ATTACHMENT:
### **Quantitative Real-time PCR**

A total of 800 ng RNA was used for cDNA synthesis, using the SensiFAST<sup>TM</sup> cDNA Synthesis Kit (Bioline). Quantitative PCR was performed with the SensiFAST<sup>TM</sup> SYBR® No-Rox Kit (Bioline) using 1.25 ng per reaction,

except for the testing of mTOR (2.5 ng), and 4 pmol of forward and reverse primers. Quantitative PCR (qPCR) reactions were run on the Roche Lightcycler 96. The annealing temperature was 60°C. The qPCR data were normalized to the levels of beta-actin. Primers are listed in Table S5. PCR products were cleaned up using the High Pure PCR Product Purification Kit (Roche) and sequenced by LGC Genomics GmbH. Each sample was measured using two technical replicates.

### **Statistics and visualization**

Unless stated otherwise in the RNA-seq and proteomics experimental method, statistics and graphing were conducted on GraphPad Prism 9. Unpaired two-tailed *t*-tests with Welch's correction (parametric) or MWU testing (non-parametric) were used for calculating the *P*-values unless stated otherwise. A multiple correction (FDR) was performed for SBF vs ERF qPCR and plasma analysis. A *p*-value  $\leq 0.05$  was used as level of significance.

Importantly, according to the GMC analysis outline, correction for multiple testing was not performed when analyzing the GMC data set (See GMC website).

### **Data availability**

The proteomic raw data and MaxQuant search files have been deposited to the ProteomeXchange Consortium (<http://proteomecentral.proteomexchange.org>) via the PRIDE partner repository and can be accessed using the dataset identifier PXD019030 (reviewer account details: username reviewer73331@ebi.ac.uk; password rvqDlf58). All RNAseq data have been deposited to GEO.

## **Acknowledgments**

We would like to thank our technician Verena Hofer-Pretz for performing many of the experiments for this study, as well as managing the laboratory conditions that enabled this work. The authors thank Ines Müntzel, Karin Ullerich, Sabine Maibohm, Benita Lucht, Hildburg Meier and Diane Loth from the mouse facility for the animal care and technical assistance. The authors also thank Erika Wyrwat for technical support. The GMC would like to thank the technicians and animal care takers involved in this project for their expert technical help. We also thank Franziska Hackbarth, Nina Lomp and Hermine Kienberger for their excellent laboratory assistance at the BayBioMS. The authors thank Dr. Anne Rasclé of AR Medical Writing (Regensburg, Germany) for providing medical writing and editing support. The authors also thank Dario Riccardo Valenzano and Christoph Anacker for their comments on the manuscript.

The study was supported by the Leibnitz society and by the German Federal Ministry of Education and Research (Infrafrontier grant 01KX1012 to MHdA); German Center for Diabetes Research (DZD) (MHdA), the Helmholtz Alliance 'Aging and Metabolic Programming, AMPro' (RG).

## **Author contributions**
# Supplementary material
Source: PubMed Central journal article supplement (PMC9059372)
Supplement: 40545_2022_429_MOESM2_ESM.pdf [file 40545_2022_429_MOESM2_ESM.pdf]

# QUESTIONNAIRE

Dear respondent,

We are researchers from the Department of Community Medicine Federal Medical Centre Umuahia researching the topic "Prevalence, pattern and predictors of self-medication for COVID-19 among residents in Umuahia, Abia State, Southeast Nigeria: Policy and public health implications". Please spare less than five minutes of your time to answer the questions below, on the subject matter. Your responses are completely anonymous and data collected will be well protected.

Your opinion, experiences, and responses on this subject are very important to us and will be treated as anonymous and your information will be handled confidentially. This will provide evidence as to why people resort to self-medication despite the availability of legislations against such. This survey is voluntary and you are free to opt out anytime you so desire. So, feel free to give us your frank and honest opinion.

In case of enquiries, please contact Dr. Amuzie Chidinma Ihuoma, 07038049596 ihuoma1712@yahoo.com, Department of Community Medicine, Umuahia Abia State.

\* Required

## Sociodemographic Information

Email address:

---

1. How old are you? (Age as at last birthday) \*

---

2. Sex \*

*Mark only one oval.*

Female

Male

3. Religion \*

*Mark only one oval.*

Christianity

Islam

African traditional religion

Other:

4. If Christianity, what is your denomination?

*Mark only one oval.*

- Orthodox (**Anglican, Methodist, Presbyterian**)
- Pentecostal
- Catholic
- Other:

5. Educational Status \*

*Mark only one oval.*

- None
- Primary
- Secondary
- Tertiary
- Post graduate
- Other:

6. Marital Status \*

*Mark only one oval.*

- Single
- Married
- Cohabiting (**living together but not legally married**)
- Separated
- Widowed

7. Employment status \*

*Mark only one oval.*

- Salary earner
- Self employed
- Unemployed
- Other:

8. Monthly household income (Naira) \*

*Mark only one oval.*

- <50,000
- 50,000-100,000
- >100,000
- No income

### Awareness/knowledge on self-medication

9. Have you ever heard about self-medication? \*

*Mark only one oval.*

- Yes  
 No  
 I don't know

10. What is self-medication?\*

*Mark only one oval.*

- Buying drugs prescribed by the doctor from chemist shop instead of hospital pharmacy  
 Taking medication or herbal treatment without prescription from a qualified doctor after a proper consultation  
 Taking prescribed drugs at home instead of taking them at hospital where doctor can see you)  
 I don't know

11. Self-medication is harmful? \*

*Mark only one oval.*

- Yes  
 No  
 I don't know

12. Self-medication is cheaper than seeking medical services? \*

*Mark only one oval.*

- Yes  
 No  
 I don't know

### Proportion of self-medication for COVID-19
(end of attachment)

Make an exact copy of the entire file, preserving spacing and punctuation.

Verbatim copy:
### **Quantitative Real-time PCR**

A total of 800 ng RNA was used for cDNA synthesis, using the SensiFAST<sup>TM</sup> cDNA Synthesis Kit (Bioline). Quantitative PCR was performed with the SensiFAST<sup>TM</sup> SYBR® No-Rox Kit (Bioline) using 1.25 ng per reaction,

except for the testing of mTOR (2.5 ng), and 4 pmol of forward and reverse primers. Quantitative PCR (qPCR) reactions were run on the Roche Lightcycler 96. The annealing temperature was 60°C. The qPCR data were normalized to the levels of beta-actin. Primers are listed in Table S5. PCR products were cleaned up using the High Pure PCR Product Purification Kit (Roche) and sequenced by LGC Genomics GmbH. Each sample was measured using two technical replicates.

### **Statistics and visualization**

Unless stated otherwise in the RNA-seq and proteomics experimental method, statistics and graphing were conducted on GraphPad Prism 9. Unpaired two-tailed *t*-tests with Welch's correction (parametric) or MWU testing (non-parametric) were used for calculating the *P*-values unless stated otherwise. A multiple correction (FDR) was performed for SBF vs ERF qPCR and plasma analysis. A *p*-value  $\leq 0.05$  was used as level of significance.

Importantly, according to the GMC analysis outline, correction for multiple testing was not performed when analyzing the GMC data set (See GMC website).

### **Data availability**

The proteomic raw data and MaxQuant search files have been deposited to the ProteomeXchange Consortium (<http://proteomecentral.proteomexchange.org>) via the PRIDE partner repository and can be accessed using the dataset identifier PXD019030 (reviewer account details: username reviewer73331@ebi.ac.uk; password rvqDlf58). All RNAseq data have been deposited to GEO.

## **Acknowledgments**

We would like to thank our technician Verena Hofer-Pretz for performing many of the experiments for this study, as well as managing the laboratory conditions that enabled this work. The authors thank Ines Müntzel, Karin Ullerich, Sabine Maibohm, Benita Lucht, Hildburg Meier and Diane Loth from the mouse facility for the animal care and technical assistance. The authors also thank Erika Wyrwat for technical support. The GMC would like to thank the technicians and animal care takers involved in this project for their expert technical help. We also thank Franziska Hackbarth, Nina Lomp and Hermine Kienberger for their excellent laboratory assistance at the BayBioMS. The authors thank Dr. Anne Rasclé of AR Medical Writing (Regensburg, Germany) for providing medical writing and editing support. The authors also thank Dario Riccardo Valenzano and Christoph Anacker for their comments on the manuscript.

The study was supported by the Leibnitz society and by the German Federal Ministry of Education and Research (Infrafrontier grant 01KX1012 to MHdA); German Center for Diabetes Research (DZD) (MHdA), the Helmholtz Alliance 'Aging and Metabolic Programming, AMPro' (RG).

## **Author contributions**
# Supplementary material
Source: PubMed Central journal article supplement (PMC9059372)
Supplement: 40545_2022_429_MOESM2_ESM.pdf [file 40545_2022_429_MOESM2_ESM.pdf]

# QUESTIONNAIRE

Dear respondent,

We are researchers from the Department of Community Medicine Federal Medical Centre Umuahia researching the topic "Prevalence, pattern and predictors of self-medication for COVID-19 among residents in Umuahia, Abia State, Southeast Nigeria: Policy and public health implications". Please spare less than five minutes of your time to answer the questions below, on the subject matter. Your responses are completely anonymous and data collected will be well protected.

Your opinion, experiences, and responses on this subject are very important to us and will be treated as anonymous and your information will be handled confidentially. This will provide evidence as to why people resort to self-medication despite the availability of legislations against such. This survey is voluntary and you are free to opt out anytime you so desire. So, feel free to give us your frank and honest opinion.

In case of enquiries, please contact Dr. Amuzie Chidinma Ihuoma, 07038049596 ihuoma1712@yahoo.com, Department of Community Medicine, Umuahia Abia State.

\* Required

## Sociodemographic Information

Email address:

---

1. How old are you? (Age as at last birthday) \*

---

2. Sex \*

*Mark only one oval.*

Female

Male

3. Religion \*

*Mark only one oval.*

Christianity

Islam

African traditional religion

Other:

4. If Christianity, what is your denomination?

*Mark only one oval.*

- Orthodox (**Anglican, Methodist, Presbyterian**)
- Pentecostal
- Catholic
- Other:

5. Educational Status \*

*Mark only one oval.*

- None
- Primary
- Secondary
- Tertiary
- Post graduate
- Other:

6. Marital Status \*

*Mark only one oval.*

- Single
- Married
- Cohabiting (**living together but not legally married**)
- Separated
- Widowed

7. Employment status \*

*Mark only one oval.*

- Salary earner
- Self employed
- Unemployed
- Other:

8. Monthly household income (Naira) \*

*Mark only one oval.*

- <50,000
- 50,000-100,000
- >100,000
- No income

### Awareness/knowledge on self-medication

9. Have you ever heard about self-medication? \*

*Mark only one oval.*

- Yes  
 No  
 I don't know

10. What is self-medication?\*

*Mark only one oval.*

- Buying drugs prescribed by the doctor from chemist shop instead of hospital pharmacy  
 Taking medication or herbal treatment without prescription from a qualified doctor after a proper consultation  
 Taking prescribed drugs at home instead of taking them at hospital where doctor can see you)  
 I don't know

11. Self-medication is harmful? \*

*Mark only one oval.*

- Yes  
 No  
 I don't know

12. Self-medication is cheaper than seeking medical services? \*

*Mark only one oval.*

- Yes  
 No  
 I don't know

### Proportion of self-medication for COVID-19